Section 8.4 before the updated Section 8.4.1 of [RFC7530]. Section 8.4 before the updated Section 8.4.1 of [RFC7530]. In
a consolidated document, it would appear as Section 8.4.2.
* Section 5.2.4 replaces Section 8.4.1 of [RFC7530], entitled * Section 5.2.4 replaces Section 8.4.1 of [RFC7530], entitled
"File System Replication". "File System Replication". In a consolidated document, it
would appear as Section 8.4.3.
* Section 5.2.5 replaces Section 8.4.2 of [RFC7530], entitled * Section 5.2.5 replaces Section 8.4.2 of [RFC7530], entitled
"File System Migration". "File System Migration". In a consolidated document, it would
appear as Section 8.4.4.
* Section 5.2.6 is to be added as a new sub-section of * Section 5.2.6 is to be added as a new sub-section of
Section 8.4 before Section 8.4.3 of [RFC7530]. Section 8.4 before Section 8.4.3 of [RFC7530]. In a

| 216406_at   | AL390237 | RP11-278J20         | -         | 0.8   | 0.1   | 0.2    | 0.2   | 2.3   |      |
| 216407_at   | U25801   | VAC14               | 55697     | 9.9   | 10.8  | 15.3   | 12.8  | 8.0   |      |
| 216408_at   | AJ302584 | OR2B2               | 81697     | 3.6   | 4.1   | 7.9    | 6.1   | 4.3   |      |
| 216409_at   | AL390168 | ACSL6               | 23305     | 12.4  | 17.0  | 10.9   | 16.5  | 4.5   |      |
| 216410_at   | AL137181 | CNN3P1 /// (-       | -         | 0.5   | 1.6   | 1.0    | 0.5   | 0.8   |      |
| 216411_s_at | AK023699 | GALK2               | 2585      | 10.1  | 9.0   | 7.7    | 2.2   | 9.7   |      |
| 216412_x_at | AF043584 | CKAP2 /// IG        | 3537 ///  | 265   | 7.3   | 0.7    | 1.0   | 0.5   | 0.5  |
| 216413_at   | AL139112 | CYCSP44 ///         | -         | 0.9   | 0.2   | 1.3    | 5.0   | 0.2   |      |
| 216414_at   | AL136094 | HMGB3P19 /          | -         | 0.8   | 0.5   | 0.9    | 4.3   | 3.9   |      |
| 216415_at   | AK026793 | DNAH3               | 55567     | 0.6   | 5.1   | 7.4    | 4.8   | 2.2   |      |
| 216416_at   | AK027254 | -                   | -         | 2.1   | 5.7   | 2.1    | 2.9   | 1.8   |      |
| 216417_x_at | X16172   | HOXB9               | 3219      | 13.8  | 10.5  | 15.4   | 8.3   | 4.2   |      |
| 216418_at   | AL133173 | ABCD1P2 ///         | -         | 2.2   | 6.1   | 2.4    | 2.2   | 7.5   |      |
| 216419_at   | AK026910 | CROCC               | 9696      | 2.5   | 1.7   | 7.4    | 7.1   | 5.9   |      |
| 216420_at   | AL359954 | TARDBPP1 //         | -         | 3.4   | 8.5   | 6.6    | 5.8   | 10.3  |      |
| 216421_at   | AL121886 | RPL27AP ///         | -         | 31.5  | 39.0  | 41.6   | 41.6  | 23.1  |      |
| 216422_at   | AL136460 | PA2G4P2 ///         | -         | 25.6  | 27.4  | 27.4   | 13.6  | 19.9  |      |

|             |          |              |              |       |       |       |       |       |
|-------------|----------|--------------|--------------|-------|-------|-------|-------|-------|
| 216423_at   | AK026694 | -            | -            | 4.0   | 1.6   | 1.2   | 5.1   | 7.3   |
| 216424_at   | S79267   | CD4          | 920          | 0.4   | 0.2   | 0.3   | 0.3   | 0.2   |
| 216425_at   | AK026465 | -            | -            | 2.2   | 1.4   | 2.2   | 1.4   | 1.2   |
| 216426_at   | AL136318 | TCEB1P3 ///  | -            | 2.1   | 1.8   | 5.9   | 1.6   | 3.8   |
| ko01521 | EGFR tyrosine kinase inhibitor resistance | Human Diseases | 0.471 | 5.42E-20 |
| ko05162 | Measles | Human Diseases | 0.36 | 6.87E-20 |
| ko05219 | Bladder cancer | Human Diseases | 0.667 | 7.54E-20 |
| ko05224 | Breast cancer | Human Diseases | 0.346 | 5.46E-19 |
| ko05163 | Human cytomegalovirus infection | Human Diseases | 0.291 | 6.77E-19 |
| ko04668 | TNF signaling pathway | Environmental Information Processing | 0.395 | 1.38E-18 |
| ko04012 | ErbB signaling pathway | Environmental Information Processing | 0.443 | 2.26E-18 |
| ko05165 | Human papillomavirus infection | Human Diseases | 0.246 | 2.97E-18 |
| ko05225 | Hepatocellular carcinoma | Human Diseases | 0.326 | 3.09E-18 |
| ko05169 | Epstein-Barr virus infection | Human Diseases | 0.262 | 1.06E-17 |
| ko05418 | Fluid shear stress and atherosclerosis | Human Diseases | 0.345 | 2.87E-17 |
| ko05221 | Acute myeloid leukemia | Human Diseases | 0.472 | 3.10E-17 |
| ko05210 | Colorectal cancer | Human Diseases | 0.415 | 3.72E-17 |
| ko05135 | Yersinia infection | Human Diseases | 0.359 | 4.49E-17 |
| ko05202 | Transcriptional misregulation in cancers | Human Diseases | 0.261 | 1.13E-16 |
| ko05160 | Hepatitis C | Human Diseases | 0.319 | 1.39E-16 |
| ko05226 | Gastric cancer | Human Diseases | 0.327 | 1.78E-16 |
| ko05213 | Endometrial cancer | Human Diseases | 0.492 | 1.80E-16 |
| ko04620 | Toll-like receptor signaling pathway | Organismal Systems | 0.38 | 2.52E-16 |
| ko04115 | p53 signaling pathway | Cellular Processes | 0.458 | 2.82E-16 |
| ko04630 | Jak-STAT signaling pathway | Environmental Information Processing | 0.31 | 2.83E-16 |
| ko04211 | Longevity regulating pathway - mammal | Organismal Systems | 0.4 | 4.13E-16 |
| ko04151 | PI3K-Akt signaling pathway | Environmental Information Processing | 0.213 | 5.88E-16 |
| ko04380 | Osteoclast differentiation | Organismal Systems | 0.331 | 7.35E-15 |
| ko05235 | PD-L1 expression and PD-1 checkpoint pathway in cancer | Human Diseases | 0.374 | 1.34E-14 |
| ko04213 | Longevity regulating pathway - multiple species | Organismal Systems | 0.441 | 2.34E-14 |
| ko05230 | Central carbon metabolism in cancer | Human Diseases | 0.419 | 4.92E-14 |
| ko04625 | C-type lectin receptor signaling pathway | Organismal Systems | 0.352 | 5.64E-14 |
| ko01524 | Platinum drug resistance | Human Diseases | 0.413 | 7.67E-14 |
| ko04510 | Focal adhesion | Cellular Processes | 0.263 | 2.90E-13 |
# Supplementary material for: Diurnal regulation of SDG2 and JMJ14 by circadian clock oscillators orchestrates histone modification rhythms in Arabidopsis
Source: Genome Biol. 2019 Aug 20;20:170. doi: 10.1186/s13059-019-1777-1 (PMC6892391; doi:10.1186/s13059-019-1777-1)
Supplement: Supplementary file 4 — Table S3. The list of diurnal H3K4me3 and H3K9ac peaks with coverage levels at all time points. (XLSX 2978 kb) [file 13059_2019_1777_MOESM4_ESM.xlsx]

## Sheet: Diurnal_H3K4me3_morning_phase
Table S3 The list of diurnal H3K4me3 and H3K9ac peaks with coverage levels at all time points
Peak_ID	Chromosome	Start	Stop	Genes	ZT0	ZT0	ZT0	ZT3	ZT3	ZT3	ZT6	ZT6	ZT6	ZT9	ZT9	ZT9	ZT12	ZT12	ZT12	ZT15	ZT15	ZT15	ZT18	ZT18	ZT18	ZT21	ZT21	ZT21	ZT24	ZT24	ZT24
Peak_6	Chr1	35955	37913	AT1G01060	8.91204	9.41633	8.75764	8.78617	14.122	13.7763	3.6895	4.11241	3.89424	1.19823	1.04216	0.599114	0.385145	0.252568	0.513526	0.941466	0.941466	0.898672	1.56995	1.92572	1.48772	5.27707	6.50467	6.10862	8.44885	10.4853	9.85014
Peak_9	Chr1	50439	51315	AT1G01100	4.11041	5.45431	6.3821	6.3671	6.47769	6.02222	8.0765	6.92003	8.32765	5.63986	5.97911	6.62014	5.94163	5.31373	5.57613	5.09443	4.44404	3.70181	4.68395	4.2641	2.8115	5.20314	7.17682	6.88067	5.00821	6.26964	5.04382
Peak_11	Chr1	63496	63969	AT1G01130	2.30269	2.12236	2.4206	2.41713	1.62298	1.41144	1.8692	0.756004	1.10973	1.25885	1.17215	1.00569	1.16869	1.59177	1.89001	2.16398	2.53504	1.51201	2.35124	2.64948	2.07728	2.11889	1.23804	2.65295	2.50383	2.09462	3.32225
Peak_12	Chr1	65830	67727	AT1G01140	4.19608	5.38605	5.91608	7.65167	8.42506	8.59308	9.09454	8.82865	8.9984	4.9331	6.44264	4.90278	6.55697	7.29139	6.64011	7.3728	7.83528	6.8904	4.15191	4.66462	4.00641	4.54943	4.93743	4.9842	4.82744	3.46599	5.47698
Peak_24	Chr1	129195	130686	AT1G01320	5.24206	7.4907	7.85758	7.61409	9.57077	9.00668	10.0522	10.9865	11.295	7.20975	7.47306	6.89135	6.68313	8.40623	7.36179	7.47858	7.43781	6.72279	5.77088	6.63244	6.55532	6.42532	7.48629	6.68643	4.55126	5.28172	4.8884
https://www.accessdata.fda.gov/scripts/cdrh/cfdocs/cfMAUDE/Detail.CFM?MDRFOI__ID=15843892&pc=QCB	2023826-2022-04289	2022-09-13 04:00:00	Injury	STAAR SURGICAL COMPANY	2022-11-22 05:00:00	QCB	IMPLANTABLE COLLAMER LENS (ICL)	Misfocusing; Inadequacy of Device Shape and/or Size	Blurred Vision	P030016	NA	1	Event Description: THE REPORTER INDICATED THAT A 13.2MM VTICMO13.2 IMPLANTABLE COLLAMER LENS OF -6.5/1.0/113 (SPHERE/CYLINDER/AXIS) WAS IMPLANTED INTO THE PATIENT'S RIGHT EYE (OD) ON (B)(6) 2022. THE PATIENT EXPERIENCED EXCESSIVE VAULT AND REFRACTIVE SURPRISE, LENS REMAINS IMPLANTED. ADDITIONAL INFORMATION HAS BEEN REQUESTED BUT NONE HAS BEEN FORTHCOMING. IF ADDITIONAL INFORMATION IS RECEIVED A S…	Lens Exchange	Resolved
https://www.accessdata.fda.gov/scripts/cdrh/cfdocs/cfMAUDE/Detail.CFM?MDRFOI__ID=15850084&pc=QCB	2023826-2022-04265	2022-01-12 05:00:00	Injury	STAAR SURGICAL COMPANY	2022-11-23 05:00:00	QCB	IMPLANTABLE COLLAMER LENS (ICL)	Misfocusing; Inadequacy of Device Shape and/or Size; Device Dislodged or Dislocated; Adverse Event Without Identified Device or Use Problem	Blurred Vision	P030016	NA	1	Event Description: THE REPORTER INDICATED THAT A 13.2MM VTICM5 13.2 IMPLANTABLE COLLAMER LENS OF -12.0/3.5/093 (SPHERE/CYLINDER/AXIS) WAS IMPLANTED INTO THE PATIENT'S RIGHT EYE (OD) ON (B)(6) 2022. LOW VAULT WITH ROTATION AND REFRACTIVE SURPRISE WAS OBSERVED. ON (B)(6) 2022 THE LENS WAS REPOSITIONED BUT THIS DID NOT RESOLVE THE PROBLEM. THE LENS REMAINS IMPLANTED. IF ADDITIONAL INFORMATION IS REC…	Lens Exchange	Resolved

consolidated document, it would appear as Section 8.4.5, while
the existing Section 8.3 would appear as Section 8.4.6.
o Section 5.3 replaces Section 8.5 of [RFC7530], entitled "Location o Section 5.3 replaces Section 8.5 of [RFC7530], entitled "Location
Entries and Server Identity". The last paragraph of the existing Entries and Server Identity". The last paragraph of the existing
section has been removed. section has been removed.
5.1. Updated Section 8.1 of [RFC7530], entitled "Location Attributes" 5.1. Updated Section 8.1 of [RFC7530], entitled "Location Attributes"
The fs_locations attribute (described as "RECOMMENDED" in [RFC7530]) The fs_locations attribute allows specification of file system
allows specification of file system locations where the data locations where the data corresponding to a given file system may be
corresponding to a given file system may be accessed. This attribute accessed. This attribute represents such file system instances as a